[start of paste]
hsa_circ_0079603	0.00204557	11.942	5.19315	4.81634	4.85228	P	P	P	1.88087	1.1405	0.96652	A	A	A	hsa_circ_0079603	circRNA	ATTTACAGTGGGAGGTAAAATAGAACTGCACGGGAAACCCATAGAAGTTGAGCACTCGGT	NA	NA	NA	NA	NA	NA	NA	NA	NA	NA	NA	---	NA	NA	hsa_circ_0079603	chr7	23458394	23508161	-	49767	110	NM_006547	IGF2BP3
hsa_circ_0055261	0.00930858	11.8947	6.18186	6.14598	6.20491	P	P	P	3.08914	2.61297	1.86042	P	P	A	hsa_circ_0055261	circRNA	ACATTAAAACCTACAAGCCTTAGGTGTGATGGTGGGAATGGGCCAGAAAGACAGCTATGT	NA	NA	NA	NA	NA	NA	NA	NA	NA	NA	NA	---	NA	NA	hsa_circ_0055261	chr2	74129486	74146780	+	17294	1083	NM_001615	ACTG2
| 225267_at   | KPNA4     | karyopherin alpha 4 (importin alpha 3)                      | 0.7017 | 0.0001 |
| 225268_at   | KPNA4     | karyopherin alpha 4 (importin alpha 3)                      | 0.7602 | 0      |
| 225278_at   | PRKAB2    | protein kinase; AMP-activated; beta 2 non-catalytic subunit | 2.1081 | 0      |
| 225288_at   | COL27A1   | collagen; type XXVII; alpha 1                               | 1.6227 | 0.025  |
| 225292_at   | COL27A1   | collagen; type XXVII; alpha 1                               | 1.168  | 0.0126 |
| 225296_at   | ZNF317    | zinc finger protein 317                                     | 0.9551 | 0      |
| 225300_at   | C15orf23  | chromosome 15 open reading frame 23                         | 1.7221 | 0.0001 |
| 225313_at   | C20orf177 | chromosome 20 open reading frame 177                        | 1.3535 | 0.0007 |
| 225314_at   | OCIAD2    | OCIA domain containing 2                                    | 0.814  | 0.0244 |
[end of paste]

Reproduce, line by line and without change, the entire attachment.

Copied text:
hsa_circ_0079603	0.00204557	11.942	5.19315	4.81634	4.85228	P	P	P	1.88087	1.1405	0.96652	A	A	A	hsa_circ_0079603	circRNA	ATTTACAGTGGGAGGTAAAATAGAACTGCACGGGAAACCCATAGAAGTTGAGCACTCGGT	NA	NA	NA	NA	NA	NA	NA	NA	NA	NA	NA	---	NA	NA	hsa_circ_0079603	chr7	23458394	23508161	-	49767	110	NM_006547	IGF2BP3
hsa_circ_0055261	0.00930858	11.8947	6.18186	6.14598	6.20491	P	P	P	3.08914	2.61297	1.86042	P	P	A	hsa_circ_0055261	circRNA	ACATTAAAACCTACAAGCCTTAGGTGTGATGGTGGGAATGGGCCAGAAAGACAGCTATGT	NA	NA	NA	NA	NA	NA	NA	NA	NA	NA	NA	---	NA	NA	hsa_circ_0055261	chr2	74129486	74146780	+	17294	1083	NM_001615	ACTG2
| 225267_at   | KPNA4     | karyopherin alpha 4 (importin alpha 3)                      | 0.7017 | 0.0001 |
| 225268_at   | KPNA4     | karyopherin alpha 4 (importin alpha 3)                      | 0.7602 | 0      |
| 225278_at   | PRKAB2    | protein kinase; AMP-activated; beta 2 non-catalytic subunit | 2.1081 | 0      |
| 225288_at   | COL27A1   | collagen; type XXVII; alpha 1                               | 1.6227 | 0.025  |
| 225292_at   | COL27A1   | collagen; type XXVII; alpha 1                               | 1.168  | 0.0126 |
| 225296_at   | ZNF317    | zinc finger protein 317                                     | 0.9551 | 0      |
| 225300_at   | C15orf23  | chromosome 15 open reading frame 23                         | 1.7221 | 0.0001 |
| 225313_at   | C20orf177 | chromosome 20 open reading frame 177                        | 1.3535 | 0.0007 |
| 225314_at   | OCIAD2    | OCIA domain containing 2                                    | 0.814  | 0.0244 |